Free overdraft transfers. The default overdraft policy at any bank is to reject debit transactions that exceed the funds in your account. But Capital One offers free transfers from your savings account or a low-cost line of credit to cover an overdraft.

Optional “Next Day Grace” program. If you don’t want your transactions to be declined, signing up with this program means the bank will consider approving an overdraft transaction without a transfer. There are two versions, standard and plus, which differ slightly based on which transaction types can be covered. Then you have one business day to make a deposit large enough to bring your account up to a positive balance and avoid the overdraft fee.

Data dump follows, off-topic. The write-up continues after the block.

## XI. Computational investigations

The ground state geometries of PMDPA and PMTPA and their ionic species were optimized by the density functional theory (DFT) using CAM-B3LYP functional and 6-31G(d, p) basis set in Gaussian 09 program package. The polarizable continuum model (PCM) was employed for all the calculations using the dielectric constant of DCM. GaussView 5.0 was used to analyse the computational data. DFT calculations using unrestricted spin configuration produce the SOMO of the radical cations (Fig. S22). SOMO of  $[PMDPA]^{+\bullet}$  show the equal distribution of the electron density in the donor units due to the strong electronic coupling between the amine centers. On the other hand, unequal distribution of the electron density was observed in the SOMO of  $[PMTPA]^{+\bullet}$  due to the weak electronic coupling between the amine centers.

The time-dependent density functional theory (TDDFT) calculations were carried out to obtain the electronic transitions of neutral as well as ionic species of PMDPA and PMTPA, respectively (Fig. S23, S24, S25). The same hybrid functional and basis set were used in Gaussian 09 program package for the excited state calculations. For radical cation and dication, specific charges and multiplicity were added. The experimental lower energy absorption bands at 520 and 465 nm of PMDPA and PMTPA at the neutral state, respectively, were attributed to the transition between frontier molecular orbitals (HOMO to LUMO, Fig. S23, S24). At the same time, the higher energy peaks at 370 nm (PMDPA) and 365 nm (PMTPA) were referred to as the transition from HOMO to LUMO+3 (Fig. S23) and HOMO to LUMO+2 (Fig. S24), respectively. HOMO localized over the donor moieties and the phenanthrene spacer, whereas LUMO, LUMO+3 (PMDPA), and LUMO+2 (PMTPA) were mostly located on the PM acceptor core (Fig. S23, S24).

The downsides:

Overdraft fees. The bank charges a whopping $35 overdraft fee per item, up to four items a day.

Bounced check fee. Capital One charges a $9 nonsufficient-funds fee for a bounced check.

Capital One

at Capital One,

Member, FDIC

Ready to take the next step?

If you want a consumer-friendly online bank that doesn’t have monthly services fees, Capital One could suit you well.

Interest-rate optimizers, however, might want to look through NerdWallet’s list of best high-yield online savings accounts to see how other institutions compare.


Ratings methodology

NerdWallet’s overall ratings for banks and credit unions are weighted averages of several categories: checking, savings, certificates of deposit or credit union share certificates, bank experience and overdraft fees.

Factors we consider, depending on the category, include rates and fees, ATM and branch access, account features and limits, user-facing technology, customer service and innovation.

The stars represent ratings from poor (one star) to excellent (five stars). Ratings are rounded to the nearest half-star.